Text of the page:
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Tutu Lecture 2017: South Africans Must Join Together For Civil Peace

Author: Institutional Advancement: Aidan van den Heever & Nicklaus Kruger

Globally-recognized conflict management expert Advocate Vasu Gounden spoke about the lack of leadership and the dangers facing South Africa, at the 7th Annual Desmond Tutu International Peace Lecture on 9 October 2017.

South Africans have a big role to play in preventing a Civil War in the future

“South Africa, we fought and slowly began building a nation,” Gounden said. “Now we are at a crossroads - and we need to decide whether we want civil war or civil peace.”

Those were the words of globally recognized conflict management expert, Advocate Vasu Gounden, speaking at the 7th Annual Desmond Tutu International Peace Lecture on 9 October 2017.

The Desmond Tutu International Peace Lecture is an annual event presented by the Desmond & Leah Tutu Legacy Foundation, in partnership with the University of the Western Cape. The lecture series was inaugurated by His Holiness The Dalai Lama (connected via satellite from India) in 2011. Subsequent lectures have been delivered by Graca Machel (2012), Kofi Annan (2013), Mary Robinson (2014), Advocate Thuli Madonsela (2015) and Advocate Hina Jilani of the Supreme Court of Pakistan (2016).

Advocate Gounden, who has spent the last 25 years working in the most protracted conflict situations, encouraged South Africans to work towards Civil Peace, even in the face of Civil War.

Gounden reminded South Africans of how far South Africa has come, and what is at stake if the country doesn’t rise to overcome its challenges.

“We live in a great country - a country with four Nobel Peace Prize winners - including the Arch,” he said. “We cannot throw away this beautiful country to war - we need to work towards building a better SA.”

Gounden drew on his experience and his extensive research in conflict areas around the world to explain the dangers at hand.

“How did we get here?” he asked, and answered: “With political intolerance and instability. Unemployment, divisions in the leading party, and inequality are the seeds to Civil War - history shows us this.”

Government has a huge responsibility to manage the country's many societal challenges, Gounden noted.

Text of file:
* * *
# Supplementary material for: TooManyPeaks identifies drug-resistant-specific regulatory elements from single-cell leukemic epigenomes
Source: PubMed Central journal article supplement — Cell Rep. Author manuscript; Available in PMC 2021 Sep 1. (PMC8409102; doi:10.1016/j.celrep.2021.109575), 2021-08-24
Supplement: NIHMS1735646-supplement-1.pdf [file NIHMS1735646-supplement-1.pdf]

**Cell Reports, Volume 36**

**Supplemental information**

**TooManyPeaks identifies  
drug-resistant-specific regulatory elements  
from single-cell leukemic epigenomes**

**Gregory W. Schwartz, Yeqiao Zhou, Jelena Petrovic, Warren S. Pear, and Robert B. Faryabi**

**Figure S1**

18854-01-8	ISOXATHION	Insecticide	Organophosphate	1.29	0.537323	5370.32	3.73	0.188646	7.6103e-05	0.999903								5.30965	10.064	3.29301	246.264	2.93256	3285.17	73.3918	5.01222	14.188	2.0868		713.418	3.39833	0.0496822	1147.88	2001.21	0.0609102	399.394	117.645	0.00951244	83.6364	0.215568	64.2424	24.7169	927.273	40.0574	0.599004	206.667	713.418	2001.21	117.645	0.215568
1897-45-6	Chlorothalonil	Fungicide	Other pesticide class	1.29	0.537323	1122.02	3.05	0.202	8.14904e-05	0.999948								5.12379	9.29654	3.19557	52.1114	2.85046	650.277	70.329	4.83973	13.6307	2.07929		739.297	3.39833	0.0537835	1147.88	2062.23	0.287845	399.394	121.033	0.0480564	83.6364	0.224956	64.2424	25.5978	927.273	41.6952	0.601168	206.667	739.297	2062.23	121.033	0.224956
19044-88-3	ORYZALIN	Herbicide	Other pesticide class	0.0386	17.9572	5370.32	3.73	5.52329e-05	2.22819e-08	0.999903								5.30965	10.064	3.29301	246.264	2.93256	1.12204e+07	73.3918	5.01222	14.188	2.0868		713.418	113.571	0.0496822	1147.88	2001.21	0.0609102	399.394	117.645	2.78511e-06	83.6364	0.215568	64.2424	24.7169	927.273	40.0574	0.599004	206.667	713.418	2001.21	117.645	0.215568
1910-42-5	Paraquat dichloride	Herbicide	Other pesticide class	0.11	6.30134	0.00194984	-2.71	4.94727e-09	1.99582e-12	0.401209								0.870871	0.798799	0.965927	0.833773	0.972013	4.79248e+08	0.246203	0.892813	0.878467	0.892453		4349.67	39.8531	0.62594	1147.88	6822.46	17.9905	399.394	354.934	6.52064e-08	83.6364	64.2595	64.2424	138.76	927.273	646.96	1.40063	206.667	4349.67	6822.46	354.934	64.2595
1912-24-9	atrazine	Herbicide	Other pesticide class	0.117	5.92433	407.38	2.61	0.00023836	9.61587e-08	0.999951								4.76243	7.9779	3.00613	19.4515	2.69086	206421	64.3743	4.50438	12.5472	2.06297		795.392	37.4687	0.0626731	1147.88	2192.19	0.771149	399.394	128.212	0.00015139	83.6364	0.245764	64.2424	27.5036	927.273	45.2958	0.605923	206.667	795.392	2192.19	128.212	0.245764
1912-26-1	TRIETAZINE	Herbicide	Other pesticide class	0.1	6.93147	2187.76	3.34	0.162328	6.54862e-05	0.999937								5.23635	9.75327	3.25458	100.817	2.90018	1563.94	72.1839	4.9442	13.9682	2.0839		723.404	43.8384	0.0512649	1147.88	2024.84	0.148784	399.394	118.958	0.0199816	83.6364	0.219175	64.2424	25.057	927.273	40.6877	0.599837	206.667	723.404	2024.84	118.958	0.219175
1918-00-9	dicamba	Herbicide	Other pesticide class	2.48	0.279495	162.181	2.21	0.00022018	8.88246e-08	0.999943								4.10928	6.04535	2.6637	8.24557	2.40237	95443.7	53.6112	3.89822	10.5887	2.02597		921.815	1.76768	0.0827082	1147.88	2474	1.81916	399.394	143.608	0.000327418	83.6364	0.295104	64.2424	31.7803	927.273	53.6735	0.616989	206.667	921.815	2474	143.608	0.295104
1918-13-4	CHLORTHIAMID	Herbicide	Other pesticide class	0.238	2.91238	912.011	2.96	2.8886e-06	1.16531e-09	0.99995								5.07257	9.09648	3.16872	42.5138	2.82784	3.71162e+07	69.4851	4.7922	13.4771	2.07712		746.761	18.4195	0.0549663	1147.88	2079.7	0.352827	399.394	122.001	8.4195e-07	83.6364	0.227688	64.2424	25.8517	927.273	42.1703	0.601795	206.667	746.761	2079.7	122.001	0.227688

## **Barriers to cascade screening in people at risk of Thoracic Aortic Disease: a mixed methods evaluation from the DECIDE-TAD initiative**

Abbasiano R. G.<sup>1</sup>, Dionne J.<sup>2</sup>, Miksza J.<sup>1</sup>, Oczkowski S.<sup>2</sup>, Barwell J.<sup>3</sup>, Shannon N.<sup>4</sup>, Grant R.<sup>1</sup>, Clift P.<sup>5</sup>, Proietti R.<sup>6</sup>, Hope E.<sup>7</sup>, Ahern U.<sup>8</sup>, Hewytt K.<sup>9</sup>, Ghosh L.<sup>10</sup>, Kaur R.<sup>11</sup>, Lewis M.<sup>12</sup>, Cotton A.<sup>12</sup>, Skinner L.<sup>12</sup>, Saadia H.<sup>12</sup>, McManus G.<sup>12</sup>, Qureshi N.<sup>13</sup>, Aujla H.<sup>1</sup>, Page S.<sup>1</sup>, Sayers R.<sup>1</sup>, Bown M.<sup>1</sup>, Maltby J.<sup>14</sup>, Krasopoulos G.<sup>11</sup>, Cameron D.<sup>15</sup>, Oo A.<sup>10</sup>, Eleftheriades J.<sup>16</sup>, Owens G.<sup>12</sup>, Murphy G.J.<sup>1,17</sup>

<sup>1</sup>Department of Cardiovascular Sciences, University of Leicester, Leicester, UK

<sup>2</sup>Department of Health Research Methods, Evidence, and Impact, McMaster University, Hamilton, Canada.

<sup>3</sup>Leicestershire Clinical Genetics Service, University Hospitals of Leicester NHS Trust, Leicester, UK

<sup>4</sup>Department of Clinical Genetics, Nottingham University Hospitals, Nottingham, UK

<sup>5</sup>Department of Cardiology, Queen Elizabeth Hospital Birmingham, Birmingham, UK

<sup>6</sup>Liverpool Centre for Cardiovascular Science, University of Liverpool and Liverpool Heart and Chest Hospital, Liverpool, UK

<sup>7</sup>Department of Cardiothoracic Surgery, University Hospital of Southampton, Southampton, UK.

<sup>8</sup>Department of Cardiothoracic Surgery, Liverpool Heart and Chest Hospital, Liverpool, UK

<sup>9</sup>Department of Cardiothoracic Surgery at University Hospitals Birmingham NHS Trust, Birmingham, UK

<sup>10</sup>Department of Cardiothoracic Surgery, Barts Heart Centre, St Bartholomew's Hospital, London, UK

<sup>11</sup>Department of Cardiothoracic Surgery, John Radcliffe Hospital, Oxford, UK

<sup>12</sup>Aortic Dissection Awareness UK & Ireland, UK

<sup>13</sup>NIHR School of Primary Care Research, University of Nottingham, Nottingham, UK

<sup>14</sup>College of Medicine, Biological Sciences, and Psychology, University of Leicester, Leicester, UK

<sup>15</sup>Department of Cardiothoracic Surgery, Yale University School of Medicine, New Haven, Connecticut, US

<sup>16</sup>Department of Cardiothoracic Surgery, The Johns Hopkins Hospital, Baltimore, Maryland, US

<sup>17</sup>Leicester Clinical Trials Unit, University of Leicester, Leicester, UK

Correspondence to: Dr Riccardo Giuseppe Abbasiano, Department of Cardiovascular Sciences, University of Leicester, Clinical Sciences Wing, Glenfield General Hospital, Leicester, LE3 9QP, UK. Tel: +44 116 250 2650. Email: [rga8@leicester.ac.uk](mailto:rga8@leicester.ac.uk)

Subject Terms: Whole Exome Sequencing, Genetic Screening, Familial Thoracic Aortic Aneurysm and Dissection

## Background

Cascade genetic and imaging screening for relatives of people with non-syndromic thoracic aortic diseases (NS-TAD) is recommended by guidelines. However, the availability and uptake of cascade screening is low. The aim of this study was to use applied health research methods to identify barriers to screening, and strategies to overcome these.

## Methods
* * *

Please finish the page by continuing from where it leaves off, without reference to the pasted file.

“It will take 20 to 40 years to create an equal society,” he noted. “Any politician who says they can achieve this in five years is misleading you - or does not understand how economic freedom works, which is fairly disturbing.“

He went on to comment on political leaders who make promises to secure votes for their respective parties.

“We need better leaders - being in a position of power does not mean you can accumulate wealth through corruption,” he said. “We need leaders who are visionaries and have long-term plans, with the ability to bring a sense of urgency and discipline throughout our society.”


Working Together For A Better Future

It’s not just political figures who have a role to play. Economic and social transformation, he noted, would require active partners in all sectors to make an equal society possible. Civil servants, the private sector - everyone who makes the effort can make a difference.

“We are on the brink of destruction,” Gounden said, “and it will take every South African to see to it that this does not happen.”

Professor Pamela Dube, Deputy Vice-Chancellor: Student Development and Support at UWC, said South Africans thank Archbishop Desmond Tutu (fondly known as the Arch) for his work and contributions, both in the old and the new South Africa.

“It is our aim to emulate the drive and passion of the Archbishop,” she said. “During Apartheid, it was the voice of the Arch that stood out and inspired us to fight against oppression. For that we thank you - and we strive to follow your example.”


View the event Pictures


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